A Brief Message from the Mayor

by Felicia Rogers on

City of Conway

A Brief Message from the Mayor:

I watch and listen in horror as the events of the past few days have shattered a reliable sense of who we are as Americans; even who we are as people.

We are not immune to the tragedies that unfold around us. Traffic stops happen every day in Conway. Criminal activity happens every day in Conway. Our police respond. Two Conway police officers and two County Sheriff’s Deputies have been deliberately killed by gun fire in years past. Conway does not have an absolutely pristine history in race relations. We too have all the ingredients for tragedy.

Those cities could be our city.

We don’t know what tomorrow’s headlines will be. Two weeks ago who could have guessed those headlines would include Baton Rouge, Louisiana, St. Anthony, Minnesota, and Dallas, Texas? For these horrific reasons?

We as individuals have been listening and watching. We have been talking quietly among ourselves, probably in our safe zones. We need to talk together. All of us. As a Community.

Conway needs a public dialog. My office will be working to pull such a community meeting together. What that looks like I don’t yet know. I will work with community leaders from across the city to chart a path forward for our community writ as broadly as we can.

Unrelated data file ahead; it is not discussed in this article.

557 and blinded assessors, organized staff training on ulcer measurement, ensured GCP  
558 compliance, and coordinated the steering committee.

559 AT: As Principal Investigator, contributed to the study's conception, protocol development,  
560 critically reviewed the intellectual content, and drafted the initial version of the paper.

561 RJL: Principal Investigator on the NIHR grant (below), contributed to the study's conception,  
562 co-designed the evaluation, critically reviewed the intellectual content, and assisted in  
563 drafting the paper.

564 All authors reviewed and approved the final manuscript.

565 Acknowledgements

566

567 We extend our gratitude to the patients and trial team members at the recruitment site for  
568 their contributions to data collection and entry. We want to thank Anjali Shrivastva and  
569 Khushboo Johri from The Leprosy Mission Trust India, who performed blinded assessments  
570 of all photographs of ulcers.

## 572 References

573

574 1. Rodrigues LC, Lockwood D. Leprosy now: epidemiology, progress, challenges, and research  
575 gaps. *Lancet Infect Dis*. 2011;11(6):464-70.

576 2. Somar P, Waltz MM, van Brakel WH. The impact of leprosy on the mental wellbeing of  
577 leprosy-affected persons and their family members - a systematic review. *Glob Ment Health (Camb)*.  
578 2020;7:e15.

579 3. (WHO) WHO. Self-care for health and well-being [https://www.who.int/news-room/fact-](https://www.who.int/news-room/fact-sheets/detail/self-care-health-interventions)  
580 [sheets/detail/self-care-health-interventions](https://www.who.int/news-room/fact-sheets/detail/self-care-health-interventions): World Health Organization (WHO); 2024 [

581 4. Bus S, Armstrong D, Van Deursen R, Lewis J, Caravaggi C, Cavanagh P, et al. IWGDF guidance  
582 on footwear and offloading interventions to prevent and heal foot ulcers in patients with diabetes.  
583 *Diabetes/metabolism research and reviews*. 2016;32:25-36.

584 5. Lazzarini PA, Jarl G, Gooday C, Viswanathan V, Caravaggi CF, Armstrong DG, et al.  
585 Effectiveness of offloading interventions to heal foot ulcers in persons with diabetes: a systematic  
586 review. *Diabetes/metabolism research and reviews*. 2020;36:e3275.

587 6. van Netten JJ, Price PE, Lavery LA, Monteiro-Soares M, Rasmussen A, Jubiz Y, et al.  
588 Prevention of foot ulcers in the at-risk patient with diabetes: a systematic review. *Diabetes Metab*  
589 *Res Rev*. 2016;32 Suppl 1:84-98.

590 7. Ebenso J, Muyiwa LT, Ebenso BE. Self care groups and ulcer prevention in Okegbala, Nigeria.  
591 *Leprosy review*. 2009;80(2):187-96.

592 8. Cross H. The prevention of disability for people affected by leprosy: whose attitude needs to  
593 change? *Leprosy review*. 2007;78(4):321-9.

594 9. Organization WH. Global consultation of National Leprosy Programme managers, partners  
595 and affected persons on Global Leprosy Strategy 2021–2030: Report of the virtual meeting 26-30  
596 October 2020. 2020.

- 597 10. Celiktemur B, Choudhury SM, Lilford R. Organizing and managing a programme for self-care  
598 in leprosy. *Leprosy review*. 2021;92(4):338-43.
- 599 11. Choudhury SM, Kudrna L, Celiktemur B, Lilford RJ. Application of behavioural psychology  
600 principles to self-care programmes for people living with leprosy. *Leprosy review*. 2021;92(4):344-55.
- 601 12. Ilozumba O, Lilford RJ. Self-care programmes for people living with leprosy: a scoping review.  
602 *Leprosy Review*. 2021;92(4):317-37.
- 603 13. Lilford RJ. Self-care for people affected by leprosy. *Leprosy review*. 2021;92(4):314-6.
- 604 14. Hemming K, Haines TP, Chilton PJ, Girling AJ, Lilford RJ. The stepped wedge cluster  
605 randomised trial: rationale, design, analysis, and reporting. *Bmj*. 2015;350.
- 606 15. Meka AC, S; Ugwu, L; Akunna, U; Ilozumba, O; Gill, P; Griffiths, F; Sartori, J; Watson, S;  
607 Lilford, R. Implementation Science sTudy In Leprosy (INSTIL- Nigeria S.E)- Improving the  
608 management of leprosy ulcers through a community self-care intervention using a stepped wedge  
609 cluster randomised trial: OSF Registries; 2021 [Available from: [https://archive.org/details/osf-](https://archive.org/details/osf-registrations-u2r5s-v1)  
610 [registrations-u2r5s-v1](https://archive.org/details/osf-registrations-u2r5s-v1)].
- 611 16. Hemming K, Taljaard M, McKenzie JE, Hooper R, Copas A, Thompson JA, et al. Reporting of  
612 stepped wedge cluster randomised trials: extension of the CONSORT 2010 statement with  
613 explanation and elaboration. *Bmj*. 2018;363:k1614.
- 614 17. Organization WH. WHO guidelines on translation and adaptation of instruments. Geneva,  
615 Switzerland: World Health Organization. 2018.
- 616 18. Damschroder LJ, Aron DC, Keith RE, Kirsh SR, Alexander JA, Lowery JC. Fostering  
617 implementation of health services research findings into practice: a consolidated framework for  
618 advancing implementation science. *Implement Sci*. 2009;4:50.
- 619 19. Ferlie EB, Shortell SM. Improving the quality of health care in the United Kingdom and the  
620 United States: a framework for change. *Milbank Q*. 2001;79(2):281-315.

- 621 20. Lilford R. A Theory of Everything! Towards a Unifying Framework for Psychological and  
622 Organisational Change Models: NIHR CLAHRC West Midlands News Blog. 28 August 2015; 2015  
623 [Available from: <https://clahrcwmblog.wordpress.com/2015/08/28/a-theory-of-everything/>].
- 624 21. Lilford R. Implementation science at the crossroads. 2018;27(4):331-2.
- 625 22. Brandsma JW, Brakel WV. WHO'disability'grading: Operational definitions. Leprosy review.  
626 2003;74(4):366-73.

A time for gathering will come soon.

In the interim, please consider this speech by Robert F Kennedy. It was given on April 4, 1968 in Indianapolis, IN – the day Martin Luther King was assassinated in Memphis. Kennedy spoke to an African-American crowd in the middle of the African-American ghetto. It was supposed to be a campaign event, but Kennedy ask for people to put their signs down. Even though he was told he couldn’t be protected in the event of a riot, it was Robert Kennedy who told the crowd that Dr. King had been shot and killed.

The speech lasted less than five minutes. It will be short to read.

On the night of that speech over 100 major American cities experienced riots as news of the assassination became known. 35 people died and over 2,500 were injured. 70,000 national guardsmen were called out to restore order.

Indianapolis was not among those cities.

As we carefully consider our conversation as a Community, the spirit of which Kennedy spoke is certainly still true today.


Robert Kennedy Speech